Windows Vista Power Users

The Power Users group has always been an attempt by Microsoft to provide a group that wasn't quite as powerful as the Administrators group, as but more powerful than the Users group. That need, as you probably know, grew out of the fact that the permissions and rights that you get from being a member of the Users group just aren't sufficient to allow you to run many applications. Many of us administrators know that we need to wean users away from having local administration accounts, but need to give them more power so that they can run applications. For some folks, the Power Users group was the answer.

Unfortunately, it wasn't a very good answer. Because Power Users have the ability to write to ntoskrnl.exe, the basic Windows program, then an evil (and, of necessity, very smart) Power User could modify that file, giving themselves more powers and escalating their privileges. They also have the ability to modify at least one system service that runs as the LocalSystem account, which would let a crafty Power User log onto the system as the LocalSystem account.

Power Users was created as a Band-Aid to help solve the overall problem of application compatibility because many applications won't work when run from a so-called standard user account.

Tip

Jargon alert: "standard user" is a relatively new Microsoft phrase that you'll hear more and more as you start using Vista. It means "a user who's basically just a member of the local Users group on a machine," with no special administrative powers at all. You'll see this appear in phrases like "once you have all of your users running as standard users…."

The idea with Power Users was to create a group that had just enough administrative powers to allow users to run those troublesome "gotta be an admin to run me" applications. In other words, Microsoft created Power Users to work around the fact that many Windows developers did a lousy job of testing their applications. (And, unfortunately, some of those developers work for Microsoft.) That has led to a world where millions of users are logged into their systems all day as administrators or power users, with the result that the millions of machines that they're working on are prone to security problems.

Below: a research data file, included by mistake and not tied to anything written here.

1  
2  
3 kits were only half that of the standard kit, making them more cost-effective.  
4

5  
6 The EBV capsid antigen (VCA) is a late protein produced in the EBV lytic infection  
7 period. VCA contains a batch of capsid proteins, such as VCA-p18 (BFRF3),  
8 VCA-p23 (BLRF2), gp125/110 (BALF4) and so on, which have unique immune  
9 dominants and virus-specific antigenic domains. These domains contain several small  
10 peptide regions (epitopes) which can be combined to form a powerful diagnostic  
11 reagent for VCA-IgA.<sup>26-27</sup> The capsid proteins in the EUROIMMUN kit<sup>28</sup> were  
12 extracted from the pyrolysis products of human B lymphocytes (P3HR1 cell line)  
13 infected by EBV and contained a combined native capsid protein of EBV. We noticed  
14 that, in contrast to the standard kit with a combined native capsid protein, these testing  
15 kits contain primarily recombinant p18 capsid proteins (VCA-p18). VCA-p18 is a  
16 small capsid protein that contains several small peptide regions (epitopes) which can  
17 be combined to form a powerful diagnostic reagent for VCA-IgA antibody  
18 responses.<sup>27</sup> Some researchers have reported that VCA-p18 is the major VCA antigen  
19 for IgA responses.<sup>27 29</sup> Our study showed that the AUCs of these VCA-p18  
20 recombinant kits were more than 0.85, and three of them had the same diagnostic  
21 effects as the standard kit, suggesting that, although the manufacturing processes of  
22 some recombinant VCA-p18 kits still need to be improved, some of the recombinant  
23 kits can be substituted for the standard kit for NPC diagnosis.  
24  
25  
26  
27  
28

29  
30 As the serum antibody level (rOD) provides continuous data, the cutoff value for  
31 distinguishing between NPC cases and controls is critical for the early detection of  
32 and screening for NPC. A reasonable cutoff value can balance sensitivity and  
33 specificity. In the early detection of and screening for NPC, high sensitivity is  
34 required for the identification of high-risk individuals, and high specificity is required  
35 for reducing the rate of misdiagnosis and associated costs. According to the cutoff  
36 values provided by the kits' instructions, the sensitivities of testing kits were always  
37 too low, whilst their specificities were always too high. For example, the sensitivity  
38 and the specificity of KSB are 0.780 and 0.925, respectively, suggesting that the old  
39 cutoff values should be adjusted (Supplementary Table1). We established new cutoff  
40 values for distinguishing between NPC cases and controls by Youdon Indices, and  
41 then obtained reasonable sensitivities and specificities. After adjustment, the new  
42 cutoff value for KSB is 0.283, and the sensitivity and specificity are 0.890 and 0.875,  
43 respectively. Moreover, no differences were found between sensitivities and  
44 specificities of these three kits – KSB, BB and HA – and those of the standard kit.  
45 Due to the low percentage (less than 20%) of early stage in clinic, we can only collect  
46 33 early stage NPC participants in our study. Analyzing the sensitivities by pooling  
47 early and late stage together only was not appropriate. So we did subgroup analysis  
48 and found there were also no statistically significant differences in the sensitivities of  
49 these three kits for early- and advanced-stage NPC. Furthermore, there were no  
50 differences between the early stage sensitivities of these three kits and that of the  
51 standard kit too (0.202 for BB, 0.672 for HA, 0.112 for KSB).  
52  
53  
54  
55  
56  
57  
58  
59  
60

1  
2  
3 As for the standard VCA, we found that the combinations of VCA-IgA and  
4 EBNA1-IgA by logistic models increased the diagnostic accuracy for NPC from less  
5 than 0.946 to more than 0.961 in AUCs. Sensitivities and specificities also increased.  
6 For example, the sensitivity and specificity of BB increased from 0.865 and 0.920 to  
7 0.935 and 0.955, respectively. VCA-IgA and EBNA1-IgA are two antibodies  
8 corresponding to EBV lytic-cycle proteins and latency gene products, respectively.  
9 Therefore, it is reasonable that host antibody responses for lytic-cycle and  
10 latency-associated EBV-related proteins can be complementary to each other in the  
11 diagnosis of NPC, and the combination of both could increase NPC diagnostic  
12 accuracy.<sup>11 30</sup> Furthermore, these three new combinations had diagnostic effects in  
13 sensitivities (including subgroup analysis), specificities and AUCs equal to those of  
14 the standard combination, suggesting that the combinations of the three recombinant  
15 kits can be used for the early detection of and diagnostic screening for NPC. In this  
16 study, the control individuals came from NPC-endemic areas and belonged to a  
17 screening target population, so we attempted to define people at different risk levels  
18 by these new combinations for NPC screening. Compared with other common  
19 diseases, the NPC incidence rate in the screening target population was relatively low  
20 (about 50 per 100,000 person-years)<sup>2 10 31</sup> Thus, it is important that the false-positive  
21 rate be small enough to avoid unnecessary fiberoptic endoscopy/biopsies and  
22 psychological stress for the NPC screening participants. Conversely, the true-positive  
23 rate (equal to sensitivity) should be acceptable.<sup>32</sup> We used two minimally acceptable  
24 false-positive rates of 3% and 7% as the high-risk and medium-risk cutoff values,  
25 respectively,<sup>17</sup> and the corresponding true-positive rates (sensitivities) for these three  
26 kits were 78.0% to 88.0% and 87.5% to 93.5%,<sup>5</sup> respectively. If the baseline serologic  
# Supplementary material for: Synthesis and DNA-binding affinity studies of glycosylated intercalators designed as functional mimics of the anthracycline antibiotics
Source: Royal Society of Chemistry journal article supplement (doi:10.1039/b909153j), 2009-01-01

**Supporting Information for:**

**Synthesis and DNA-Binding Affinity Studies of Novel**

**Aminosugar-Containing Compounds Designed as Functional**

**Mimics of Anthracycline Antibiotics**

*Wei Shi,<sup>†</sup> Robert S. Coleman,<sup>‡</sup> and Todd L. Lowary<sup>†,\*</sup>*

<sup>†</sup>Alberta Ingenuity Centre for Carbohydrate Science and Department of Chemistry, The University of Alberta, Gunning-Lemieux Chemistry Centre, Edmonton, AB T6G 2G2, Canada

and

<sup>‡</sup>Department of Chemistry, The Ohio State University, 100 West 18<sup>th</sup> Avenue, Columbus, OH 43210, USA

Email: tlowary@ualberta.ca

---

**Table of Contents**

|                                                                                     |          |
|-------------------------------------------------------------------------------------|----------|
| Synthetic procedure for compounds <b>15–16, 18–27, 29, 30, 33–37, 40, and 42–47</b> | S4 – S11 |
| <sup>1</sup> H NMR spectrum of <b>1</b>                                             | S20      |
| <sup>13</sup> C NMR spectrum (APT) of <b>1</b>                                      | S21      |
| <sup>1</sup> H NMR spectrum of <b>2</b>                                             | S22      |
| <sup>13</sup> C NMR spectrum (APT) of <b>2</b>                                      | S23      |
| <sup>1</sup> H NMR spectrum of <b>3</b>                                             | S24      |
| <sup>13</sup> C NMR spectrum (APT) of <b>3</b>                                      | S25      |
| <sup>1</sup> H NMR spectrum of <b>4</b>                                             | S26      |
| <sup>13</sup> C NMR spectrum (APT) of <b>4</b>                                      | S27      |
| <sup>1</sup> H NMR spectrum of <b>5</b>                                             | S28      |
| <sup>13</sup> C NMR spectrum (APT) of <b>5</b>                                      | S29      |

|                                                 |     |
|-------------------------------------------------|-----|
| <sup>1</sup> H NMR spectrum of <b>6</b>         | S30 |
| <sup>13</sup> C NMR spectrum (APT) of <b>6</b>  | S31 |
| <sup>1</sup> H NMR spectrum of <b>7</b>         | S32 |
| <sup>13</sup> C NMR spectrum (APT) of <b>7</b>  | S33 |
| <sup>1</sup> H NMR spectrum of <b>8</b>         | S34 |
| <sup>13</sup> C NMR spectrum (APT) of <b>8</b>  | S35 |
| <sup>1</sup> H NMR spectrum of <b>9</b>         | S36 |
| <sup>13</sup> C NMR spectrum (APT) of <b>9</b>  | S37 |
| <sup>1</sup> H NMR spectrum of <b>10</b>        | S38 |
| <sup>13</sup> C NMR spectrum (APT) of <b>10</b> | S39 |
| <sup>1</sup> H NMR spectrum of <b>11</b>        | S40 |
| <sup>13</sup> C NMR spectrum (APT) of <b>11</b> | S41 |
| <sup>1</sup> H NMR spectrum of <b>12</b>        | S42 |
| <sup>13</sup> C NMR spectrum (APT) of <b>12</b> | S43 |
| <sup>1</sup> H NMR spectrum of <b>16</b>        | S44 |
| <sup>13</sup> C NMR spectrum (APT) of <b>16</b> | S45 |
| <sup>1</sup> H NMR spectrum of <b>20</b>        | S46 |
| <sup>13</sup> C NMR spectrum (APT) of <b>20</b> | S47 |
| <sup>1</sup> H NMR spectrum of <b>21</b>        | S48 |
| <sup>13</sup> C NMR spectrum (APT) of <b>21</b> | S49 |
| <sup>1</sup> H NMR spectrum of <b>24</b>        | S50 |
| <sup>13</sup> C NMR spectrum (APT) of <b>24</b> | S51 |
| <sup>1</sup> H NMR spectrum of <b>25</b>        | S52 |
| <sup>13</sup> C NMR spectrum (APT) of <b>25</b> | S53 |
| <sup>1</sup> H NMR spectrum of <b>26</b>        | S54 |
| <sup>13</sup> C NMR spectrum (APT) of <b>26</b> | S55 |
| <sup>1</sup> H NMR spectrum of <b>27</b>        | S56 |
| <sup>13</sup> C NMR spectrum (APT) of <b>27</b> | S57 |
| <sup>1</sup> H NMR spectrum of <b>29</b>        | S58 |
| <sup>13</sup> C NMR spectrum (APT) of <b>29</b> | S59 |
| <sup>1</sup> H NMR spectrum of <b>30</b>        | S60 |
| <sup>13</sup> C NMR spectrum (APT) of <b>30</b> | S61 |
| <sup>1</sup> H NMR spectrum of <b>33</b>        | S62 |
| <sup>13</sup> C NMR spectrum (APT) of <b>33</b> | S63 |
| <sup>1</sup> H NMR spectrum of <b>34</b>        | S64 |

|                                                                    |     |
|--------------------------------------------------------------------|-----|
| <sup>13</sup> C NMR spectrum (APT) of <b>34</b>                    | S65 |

The alternative solution to the problem of applications that require administrator-level power-chivvying developers into writing software that works properly when run by a standard user-seemed too highly priced before we all starting facing the worms and spyware du jour, but Microsoft has apparently decided that the time has come to ask those developers to pitch in and help solve the security problem.

As a result, Microsoft has essentially eliminated the Power Users group. It's still present in case you've got some resource that has a permission that refers to the Power Users group, but it's "Power" Users in name only, as it basically has the same power as the Users group. To see this change, try creating a member of the Power Users group on an XP system and then use the whoami.exe application found in various versions of Support Tools and the Resource Kit (or built into the OS, in the case of XP x64 and Vista) to find out what privileges that user has. Run whoami /priv and you'll get this list:

SeChangeNotifyPrivilege

SeShutdownPrivilege

SeUndockPrivilege

SeSystemtimePrivilege

SeProfileSingleProcessPrivilege

SeCreateGlobalPrivilege

Do the same thing with a Power User member on a Vista system, open up a command prompt and run whoami /priv and you'll see this:

SeChangeNotifyPrivilege

SeShutdownPrivilege

SeUndockPrivilege

SeTimeZonePrivilege

SeIncreaseWorkingSetPrivilege

Let's make that a bit more understandable by looking first at the things that old and new Power Users have in common and which things they see differently. Both groups have SeChangeNotifyPrivilege, which you may know better as "bypass traverse checking." It means that if a user has NTFS permissions to access a particular folder, but the folder is nested inside folders that the user is denied access, then the user can get to the folder that they do have permission to. (Users have had this permission since NT 3.1.) The other two rights that both XP and Vista Power Users have are SeShutdownPrivilege and SeUndockPrivilege, which mean pretty much what they sound like: the power to shut a system down or to undock a laptop from a docking station.